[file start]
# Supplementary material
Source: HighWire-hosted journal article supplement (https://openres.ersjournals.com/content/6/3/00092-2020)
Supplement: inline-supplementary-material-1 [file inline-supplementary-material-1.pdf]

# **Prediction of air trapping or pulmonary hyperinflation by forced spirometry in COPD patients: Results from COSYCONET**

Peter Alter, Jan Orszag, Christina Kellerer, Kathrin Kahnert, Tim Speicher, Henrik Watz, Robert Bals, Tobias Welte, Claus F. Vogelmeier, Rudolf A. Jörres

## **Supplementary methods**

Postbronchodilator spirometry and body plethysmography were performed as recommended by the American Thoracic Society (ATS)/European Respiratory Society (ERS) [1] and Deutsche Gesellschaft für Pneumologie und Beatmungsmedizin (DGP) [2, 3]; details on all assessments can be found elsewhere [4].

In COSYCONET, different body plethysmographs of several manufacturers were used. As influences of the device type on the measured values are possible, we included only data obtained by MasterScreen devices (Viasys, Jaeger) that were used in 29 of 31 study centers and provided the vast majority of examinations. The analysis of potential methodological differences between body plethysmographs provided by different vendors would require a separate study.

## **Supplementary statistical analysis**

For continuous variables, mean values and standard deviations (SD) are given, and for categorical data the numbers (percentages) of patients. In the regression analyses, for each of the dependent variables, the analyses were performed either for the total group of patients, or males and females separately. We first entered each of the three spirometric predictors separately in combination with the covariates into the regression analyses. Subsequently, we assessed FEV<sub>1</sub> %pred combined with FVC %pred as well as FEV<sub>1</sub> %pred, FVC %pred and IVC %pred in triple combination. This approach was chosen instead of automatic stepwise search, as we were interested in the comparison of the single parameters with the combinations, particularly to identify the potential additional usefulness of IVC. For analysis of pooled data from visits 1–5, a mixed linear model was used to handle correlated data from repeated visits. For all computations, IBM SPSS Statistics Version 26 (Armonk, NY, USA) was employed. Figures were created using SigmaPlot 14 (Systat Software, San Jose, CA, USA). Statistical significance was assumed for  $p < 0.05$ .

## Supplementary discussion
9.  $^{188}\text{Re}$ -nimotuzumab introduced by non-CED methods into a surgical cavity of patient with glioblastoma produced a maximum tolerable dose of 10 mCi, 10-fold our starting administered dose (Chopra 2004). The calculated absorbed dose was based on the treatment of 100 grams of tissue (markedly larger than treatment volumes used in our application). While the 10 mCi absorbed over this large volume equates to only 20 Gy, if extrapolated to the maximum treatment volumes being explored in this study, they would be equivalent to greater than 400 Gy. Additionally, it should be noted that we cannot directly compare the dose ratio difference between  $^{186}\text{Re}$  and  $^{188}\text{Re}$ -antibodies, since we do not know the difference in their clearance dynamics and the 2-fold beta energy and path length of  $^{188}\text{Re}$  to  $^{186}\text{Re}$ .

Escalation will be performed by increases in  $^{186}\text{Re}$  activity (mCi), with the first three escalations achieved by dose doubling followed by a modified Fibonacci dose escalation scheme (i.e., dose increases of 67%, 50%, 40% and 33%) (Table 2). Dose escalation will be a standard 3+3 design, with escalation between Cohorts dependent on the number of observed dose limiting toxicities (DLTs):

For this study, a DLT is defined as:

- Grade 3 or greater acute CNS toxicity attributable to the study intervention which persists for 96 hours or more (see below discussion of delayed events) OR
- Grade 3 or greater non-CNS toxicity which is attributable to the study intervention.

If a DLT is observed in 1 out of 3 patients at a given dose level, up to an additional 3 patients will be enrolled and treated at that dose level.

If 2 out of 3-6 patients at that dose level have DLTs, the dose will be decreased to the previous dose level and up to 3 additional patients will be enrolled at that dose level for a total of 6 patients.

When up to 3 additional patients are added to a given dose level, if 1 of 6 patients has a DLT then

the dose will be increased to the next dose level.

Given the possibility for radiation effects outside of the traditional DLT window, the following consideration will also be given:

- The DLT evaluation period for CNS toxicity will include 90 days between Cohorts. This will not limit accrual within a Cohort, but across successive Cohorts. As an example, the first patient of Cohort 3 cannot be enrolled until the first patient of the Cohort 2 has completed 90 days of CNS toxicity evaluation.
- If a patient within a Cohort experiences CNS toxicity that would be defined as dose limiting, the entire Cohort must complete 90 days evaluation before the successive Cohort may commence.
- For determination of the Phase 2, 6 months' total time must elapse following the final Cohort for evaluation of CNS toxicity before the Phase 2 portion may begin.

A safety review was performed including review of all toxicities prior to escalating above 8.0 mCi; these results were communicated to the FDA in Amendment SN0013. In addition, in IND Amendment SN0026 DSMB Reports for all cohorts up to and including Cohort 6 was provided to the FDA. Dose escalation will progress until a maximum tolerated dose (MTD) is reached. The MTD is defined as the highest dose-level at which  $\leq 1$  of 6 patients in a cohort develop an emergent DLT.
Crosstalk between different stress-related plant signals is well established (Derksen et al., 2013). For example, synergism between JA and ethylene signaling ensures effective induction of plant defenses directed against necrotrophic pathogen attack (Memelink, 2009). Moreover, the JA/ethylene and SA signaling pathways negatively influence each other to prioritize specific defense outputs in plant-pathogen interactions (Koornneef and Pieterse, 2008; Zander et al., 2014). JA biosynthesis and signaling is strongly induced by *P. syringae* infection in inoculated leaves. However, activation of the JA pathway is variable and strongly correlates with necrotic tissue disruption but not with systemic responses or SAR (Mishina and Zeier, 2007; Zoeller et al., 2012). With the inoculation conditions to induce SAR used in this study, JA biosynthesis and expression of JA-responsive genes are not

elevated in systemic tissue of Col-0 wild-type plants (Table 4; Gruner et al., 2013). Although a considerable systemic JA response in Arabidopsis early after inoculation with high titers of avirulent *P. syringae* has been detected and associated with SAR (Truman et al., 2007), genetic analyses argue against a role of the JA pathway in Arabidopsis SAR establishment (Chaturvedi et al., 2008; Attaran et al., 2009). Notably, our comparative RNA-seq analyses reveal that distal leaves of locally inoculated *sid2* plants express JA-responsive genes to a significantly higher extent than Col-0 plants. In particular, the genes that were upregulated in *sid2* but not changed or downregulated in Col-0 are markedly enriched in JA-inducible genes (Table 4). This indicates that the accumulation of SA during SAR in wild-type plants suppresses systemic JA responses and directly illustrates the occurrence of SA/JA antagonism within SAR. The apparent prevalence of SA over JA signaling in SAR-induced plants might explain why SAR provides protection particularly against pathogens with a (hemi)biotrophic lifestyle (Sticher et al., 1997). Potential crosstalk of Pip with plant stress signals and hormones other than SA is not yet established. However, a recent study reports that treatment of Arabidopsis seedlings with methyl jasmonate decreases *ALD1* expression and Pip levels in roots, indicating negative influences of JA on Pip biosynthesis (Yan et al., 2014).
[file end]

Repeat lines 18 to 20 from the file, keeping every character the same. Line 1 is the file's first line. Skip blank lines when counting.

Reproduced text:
If 2 out of 3-6 patients at that dose level have DLTs, the dose will be decreased to the previous dose level and up to 3 additional patients will be enrolled at that dose level for a total of 6 patients.

When up to 3 additional patients are added to a given dose level, if 1 of 6 patients has a DLT then

the dose will be increased to the next dose level.